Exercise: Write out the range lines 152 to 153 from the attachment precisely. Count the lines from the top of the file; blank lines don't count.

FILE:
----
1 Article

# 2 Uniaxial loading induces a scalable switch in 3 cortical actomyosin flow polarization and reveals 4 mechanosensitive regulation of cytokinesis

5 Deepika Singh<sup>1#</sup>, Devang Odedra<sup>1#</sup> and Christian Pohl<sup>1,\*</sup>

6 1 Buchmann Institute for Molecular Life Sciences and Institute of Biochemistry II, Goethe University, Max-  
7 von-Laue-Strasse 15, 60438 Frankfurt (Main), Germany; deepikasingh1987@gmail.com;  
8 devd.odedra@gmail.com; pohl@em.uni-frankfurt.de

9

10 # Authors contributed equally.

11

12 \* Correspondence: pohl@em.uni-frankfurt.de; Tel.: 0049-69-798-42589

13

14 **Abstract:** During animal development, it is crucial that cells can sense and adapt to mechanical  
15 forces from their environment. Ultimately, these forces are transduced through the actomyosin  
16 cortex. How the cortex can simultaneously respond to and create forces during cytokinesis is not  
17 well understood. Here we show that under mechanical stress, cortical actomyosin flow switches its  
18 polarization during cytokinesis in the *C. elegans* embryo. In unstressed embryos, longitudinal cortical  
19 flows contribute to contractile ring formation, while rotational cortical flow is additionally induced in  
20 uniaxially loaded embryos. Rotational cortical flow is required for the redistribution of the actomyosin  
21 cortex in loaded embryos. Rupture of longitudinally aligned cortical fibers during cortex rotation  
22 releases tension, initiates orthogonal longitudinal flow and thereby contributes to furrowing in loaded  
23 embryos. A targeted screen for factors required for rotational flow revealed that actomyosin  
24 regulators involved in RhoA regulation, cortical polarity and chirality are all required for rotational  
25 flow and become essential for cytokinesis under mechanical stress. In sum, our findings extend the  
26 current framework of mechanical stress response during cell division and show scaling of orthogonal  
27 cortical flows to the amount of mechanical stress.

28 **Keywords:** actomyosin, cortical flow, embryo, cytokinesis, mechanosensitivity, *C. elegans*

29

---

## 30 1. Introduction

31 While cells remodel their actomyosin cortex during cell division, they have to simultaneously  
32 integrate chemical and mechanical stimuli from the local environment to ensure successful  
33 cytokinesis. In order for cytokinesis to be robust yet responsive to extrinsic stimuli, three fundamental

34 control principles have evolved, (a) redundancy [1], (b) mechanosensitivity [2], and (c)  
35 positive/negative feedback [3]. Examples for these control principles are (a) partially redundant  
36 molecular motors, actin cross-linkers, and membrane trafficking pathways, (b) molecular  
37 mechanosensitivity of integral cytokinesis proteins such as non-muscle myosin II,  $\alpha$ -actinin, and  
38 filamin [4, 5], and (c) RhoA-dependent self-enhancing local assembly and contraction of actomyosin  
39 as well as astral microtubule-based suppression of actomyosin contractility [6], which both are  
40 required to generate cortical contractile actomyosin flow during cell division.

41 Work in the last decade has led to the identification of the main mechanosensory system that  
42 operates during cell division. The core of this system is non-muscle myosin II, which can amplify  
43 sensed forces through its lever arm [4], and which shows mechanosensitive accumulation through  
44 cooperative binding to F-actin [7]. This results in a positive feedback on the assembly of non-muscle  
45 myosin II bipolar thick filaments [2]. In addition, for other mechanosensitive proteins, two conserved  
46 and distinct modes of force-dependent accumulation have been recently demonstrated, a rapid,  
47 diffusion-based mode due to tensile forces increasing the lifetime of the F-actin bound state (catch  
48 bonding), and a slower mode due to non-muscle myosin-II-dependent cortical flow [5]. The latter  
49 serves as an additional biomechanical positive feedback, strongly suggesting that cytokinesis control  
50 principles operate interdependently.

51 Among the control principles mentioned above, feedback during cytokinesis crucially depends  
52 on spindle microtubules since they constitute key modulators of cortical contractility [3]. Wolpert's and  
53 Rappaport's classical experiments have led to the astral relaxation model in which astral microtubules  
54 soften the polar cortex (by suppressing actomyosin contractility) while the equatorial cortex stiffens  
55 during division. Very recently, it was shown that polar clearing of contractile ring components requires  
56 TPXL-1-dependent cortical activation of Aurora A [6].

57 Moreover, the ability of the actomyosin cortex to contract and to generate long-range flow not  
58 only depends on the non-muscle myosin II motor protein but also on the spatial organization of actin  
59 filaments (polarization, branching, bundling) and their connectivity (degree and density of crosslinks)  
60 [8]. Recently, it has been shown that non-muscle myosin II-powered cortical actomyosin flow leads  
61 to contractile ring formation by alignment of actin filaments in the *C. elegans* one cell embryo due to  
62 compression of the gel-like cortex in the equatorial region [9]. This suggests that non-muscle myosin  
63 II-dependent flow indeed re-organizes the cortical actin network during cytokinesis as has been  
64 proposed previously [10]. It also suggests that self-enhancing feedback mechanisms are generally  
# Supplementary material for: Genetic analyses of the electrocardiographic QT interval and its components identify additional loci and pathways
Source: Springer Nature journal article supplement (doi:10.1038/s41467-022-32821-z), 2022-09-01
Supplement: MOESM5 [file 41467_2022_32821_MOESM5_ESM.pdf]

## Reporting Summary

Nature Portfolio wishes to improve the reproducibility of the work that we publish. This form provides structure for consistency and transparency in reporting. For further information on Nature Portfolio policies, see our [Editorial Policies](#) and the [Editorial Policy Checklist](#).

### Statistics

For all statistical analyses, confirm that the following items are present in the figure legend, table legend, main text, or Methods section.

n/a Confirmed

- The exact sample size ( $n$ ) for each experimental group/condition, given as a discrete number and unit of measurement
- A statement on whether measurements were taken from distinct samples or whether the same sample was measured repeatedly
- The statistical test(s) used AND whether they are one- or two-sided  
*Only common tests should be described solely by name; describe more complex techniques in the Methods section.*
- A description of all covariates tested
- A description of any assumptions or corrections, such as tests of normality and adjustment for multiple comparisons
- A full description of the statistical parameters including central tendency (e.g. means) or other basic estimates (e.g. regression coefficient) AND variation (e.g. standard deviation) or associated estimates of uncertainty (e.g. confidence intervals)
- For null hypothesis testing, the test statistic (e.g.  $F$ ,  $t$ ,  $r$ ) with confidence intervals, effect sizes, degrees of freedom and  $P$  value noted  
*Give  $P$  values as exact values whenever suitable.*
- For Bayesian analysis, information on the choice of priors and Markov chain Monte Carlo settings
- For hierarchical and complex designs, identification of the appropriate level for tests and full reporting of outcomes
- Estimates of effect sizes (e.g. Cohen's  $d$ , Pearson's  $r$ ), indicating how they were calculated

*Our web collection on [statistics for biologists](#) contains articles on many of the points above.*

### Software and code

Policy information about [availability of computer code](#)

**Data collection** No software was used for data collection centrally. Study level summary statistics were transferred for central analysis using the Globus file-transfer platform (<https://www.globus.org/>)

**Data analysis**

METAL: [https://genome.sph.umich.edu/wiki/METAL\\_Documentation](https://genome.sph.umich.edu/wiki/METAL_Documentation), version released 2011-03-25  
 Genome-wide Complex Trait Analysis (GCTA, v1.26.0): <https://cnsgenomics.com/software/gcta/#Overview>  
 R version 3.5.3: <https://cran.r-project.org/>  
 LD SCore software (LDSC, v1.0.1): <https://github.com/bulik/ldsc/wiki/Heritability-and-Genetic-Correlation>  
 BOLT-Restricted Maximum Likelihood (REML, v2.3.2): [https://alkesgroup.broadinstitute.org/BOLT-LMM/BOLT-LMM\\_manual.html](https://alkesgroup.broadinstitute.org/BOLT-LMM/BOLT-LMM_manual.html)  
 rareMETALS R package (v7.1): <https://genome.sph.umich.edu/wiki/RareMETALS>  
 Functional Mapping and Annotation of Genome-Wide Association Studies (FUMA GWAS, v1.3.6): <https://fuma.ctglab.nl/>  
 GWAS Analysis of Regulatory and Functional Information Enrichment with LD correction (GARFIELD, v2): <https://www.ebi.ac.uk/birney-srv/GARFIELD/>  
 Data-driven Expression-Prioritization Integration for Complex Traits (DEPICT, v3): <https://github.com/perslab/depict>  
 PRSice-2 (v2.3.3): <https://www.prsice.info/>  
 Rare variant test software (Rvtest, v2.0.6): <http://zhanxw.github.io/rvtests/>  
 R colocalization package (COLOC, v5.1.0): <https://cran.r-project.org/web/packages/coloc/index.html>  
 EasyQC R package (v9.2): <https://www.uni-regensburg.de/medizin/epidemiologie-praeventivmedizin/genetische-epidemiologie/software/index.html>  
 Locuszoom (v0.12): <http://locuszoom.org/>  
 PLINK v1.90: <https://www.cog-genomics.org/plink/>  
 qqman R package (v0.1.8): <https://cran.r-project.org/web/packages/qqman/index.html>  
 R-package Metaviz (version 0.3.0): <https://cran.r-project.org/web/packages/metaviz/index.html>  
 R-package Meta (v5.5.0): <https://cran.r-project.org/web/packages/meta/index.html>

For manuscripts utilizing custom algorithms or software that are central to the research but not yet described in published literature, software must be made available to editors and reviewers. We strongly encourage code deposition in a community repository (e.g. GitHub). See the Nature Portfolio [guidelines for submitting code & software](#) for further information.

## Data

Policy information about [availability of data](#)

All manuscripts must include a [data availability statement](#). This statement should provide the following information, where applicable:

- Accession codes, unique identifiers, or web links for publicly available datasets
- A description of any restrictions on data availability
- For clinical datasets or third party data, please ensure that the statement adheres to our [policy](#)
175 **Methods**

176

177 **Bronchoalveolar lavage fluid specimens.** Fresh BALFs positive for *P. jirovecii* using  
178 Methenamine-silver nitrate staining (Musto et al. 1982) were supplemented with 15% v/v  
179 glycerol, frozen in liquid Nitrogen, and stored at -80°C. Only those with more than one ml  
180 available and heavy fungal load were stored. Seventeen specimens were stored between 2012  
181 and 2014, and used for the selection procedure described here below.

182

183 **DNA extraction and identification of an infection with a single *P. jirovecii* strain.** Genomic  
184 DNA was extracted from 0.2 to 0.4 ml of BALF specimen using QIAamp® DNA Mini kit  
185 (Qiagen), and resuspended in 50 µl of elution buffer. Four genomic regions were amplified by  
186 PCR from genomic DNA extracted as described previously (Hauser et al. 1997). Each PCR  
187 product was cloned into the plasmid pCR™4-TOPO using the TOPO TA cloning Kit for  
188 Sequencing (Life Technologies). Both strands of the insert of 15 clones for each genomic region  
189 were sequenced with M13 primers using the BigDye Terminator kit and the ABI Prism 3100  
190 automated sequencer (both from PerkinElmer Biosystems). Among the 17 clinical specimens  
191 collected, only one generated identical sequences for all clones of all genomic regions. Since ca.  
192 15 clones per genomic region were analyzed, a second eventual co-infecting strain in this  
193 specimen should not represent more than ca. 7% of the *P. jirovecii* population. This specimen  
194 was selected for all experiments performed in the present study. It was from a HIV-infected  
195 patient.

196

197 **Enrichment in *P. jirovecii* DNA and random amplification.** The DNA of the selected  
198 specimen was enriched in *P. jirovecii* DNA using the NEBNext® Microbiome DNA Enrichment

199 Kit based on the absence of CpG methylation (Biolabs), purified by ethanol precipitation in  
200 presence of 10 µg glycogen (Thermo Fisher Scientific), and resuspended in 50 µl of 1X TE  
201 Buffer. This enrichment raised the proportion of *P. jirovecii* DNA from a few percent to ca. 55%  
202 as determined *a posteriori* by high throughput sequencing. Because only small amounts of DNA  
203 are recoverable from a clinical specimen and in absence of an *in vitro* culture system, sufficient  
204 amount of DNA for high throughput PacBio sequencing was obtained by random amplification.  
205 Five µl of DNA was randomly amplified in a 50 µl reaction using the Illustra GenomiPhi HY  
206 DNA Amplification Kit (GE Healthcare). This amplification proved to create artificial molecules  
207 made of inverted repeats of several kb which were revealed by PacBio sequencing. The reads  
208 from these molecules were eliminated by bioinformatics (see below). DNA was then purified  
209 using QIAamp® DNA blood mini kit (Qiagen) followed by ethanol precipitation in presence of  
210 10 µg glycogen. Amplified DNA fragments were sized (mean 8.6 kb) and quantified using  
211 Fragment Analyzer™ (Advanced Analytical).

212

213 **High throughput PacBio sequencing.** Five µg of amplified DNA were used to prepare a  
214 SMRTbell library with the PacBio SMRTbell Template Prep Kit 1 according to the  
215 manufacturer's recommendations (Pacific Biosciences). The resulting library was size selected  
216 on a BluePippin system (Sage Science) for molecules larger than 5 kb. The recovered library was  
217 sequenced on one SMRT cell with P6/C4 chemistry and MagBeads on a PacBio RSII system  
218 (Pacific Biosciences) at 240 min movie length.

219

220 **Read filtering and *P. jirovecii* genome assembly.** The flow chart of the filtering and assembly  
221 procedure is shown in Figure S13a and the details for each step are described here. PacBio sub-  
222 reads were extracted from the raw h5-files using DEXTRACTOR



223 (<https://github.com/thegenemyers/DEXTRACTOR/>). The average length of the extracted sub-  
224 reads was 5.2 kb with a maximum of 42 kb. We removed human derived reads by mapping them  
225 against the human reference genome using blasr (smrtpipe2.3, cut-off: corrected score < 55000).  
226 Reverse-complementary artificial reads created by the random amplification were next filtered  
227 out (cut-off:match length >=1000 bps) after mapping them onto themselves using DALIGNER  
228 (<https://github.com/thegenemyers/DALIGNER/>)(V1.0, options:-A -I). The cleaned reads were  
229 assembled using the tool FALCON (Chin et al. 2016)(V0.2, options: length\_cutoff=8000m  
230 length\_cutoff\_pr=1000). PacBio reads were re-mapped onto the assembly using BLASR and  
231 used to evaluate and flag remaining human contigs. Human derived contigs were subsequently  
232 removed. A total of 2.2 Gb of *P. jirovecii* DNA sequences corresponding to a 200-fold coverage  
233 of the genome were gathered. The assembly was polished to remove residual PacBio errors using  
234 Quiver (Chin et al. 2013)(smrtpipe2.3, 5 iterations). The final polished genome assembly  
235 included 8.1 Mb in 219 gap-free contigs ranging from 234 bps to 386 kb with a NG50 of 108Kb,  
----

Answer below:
213 **High throughput PacBio sequencing.** Five µg of amplified DNA were used to prepare a  
214 SMRTbell library with the PacBio SMRTbell Template Prep Kit 1 according to the  